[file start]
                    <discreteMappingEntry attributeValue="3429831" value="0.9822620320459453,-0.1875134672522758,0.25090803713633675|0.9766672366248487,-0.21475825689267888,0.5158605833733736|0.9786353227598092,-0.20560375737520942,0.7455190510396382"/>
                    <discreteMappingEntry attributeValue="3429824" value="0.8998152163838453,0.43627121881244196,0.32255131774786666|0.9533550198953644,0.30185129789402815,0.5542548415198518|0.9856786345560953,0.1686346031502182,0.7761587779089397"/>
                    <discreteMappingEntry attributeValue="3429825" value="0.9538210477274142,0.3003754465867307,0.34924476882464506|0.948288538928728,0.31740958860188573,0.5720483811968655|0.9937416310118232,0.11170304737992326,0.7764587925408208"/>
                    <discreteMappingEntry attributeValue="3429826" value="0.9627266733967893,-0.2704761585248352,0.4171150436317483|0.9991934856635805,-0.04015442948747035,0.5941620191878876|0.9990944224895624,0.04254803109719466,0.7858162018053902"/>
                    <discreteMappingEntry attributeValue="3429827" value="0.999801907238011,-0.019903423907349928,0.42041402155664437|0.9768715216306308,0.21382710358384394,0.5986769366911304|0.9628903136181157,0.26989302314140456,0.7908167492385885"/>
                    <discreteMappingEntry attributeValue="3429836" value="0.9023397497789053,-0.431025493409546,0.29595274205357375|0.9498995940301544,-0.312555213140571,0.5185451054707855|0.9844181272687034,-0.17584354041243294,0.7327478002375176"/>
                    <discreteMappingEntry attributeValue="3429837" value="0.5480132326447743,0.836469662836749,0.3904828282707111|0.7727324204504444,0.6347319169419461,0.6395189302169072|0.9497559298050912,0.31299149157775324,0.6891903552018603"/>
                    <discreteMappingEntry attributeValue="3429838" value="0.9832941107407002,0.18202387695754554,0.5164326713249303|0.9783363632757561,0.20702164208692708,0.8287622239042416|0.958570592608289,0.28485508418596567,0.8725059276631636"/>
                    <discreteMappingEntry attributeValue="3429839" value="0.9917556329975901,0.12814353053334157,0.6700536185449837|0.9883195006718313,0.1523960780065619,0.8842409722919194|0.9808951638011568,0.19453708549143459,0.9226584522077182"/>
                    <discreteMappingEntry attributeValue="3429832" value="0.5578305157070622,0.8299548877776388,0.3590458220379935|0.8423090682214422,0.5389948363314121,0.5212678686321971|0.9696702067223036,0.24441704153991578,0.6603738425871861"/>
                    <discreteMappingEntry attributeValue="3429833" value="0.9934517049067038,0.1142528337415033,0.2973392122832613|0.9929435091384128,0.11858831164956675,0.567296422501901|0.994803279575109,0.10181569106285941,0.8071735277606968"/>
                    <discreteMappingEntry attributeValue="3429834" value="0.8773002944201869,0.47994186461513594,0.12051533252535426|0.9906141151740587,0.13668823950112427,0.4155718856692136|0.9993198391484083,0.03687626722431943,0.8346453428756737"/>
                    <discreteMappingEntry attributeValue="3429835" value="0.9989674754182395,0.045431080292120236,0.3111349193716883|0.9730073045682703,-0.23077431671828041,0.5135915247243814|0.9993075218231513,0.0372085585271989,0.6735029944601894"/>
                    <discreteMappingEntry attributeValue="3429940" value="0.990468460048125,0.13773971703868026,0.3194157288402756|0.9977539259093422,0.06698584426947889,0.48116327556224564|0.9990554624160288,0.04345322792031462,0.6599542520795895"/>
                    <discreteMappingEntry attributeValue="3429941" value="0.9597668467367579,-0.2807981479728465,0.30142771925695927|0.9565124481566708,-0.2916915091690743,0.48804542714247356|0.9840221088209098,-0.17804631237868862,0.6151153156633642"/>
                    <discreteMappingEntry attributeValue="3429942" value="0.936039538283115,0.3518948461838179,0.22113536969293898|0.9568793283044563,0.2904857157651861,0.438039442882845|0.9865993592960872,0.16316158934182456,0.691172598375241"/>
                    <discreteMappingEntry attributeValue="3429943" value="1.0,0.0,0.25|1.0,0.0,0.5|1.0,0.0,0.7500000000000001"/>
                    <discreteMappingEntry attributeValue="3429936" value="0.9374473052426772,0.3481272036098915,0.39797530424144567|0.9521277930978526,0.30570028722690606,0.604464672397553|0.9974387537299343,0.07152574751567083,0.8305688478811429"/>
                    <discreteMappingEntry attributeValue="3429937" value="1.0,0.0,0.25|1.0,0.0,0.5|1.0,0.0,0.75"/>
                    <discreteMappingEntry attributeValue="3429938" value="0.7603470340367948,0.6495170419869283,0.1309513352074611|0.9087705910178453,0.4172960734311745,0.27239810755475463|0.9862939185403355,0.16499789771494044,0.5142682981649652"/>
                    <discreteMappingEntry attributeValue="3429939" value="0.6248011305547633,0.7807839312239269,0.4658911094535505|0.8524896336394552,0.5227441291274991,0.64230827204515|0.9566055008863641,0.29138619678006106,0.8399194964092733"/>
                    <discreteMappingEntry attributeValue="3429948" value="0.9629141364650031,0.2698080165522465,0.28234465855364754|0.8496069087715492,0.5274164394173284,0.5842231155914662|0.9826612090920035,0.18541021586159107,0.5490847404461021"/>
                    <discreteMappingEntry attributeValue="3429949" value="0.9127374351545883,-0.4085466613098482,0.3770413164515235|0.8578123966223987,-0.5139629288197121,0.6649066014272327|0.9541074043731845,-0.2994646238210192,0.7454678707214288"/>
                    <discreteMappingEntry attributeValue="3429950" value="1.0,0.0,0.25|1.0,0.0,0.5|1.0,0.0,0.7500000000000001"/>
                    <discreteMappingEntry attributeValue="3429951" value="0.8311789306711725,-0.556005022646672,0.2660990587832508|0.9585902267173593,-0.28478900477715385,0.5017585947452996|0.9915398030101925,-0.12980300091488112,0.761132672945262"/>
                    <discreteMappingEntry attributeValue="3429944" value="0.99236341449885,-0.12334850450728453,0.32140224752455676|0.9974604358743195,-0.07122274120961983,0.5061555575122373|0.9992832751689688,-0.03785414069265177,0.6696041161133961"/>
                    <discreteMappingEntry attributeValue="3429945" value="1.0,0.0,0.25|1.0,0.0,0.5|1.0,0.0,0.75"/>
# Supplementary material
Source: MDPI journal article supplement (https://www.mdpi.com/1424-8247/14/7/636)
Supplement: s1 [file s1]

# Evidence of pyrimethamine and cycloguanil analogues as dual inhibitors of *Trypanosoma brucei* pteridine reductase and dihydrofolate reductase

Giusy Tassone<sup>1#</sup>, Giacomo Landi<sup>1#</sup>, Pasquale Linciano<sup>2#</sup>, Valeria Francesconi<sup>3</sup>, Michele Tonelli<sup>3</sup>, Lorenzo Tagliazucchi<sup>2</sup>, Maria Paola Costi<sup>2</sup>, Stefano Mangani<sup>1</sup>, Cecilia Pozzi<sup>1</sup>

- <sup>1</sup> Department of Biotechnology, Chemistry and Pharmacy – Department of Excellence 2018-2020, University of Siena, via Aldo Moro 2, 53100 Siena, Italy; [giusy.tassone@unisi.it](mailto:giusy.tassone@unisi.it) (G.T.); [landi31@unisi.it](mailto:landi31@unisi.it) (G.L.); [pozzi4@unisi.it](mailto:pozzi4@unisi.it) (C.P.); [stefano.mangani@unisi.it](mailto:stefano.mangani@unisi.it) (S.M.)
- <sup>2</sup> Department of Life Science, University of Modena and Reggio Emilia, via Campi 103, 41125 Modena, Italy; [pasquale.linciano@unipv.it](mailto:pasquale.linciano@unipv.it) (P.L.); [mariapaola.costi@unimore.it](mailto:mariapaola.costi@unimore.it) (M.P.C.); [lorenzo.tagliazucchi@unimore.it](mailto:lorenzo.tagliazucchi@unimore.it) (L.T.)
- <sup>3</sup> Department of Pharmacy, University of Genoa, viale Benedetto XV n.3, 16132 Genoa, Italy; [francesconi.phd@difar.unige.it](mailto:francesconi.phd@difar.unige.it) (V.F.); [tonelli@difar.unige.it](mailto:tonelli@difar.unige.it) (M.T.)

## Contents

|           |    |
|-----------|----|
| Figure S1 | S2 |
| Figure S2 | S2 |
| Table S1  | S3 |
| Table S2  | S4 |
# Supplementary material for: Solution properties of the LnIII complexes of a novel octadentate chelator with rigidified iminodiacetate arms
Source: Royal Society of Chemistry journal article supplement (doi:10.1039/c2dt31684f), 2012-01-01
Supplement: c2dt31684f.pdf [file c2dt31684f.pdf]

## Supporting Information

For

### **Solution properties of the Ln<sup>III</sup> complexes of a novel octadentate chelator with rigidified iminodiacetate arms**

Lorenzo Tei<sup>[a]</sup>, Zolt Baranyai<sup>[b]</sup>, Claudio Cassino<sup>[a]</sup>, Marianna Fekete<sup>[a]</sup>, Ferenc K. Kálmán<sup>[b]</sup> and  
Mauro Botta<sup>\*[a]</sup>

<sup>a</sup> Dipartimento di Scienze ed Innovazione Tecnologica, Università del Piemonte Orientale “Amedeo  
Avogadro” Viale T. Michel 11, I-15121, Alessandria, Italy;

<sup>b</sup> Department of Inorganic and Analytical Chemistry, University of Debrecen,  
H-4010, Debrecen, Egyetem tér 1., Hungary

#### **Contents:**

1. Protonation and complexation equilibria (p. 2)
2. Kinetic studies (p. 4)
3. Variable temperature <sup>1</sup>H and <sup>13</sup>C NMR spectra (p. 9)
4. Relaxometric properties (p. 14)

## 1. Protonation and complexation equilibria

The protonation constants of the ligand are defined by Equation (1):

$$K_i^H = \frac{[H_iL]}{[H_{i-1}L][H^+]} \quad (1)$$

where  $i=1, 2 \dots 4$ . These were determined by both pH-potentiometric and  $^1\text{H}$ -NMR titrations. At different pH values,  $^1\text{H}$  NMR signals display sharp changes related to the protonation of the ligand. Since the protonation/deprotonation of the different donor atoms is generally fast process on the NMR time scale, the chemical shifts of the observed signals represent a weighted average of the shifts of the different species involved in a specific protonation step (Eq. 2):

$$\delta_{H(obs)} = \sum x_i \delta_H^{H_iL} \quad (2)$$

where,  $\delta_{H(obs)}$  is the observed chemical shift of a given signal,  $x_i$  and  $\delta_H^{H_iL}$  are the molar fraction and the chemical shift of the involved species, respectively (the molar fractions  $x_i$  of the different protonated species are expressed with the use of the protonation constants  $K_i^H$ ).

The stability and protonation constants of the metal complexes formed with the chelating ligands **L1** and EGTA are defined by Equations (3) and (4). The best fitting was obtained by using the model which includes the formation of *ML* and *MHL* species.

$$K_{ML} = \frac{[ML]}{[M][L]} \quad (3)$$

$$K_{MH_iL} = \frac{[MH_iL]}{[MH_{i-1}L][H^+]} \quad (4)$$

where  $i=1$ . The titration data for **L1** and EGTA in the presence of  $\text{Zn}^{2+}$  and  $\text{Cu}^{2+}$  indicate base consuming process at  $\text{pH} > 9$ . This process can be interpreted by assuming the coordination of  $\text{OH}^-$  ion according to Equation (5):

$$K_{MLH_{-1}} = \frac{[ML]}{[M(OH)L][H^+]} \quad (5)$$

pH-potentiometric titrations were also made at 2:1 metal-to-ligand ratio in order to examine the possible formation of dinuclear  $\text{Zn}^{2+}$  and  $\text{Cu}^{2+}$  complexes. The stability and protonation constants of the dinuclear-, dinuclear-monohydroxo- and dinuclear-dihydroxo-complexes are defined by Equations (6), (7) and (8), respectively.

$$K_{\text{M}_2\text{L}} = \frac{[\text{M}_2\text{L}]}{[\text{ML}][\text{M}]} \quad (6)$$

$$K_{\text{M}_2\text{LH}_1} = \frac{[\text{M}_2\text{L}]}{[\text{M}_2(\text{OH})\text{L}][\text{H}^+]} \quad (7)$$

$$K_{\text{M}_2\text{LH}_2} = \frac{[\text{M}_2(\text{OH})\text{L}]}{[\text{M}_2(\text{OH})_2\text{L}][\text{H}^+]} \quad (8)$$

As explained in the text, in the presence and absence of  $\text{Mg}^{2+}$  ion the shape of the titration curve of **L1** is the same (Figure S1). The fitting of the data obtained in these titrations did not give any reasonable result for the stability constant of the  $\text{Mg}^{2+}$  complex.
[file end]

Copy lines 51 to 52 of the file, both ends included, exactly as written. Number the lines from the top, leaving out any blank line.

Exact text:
<sup>a</sup> Dipartimento di Scienze ed Innovazione Tecnologica, Università del Piemonte Orientale “Amedeo  
Avogadro” Viale T. Michel 11, I-15121, Alessandria, Italy;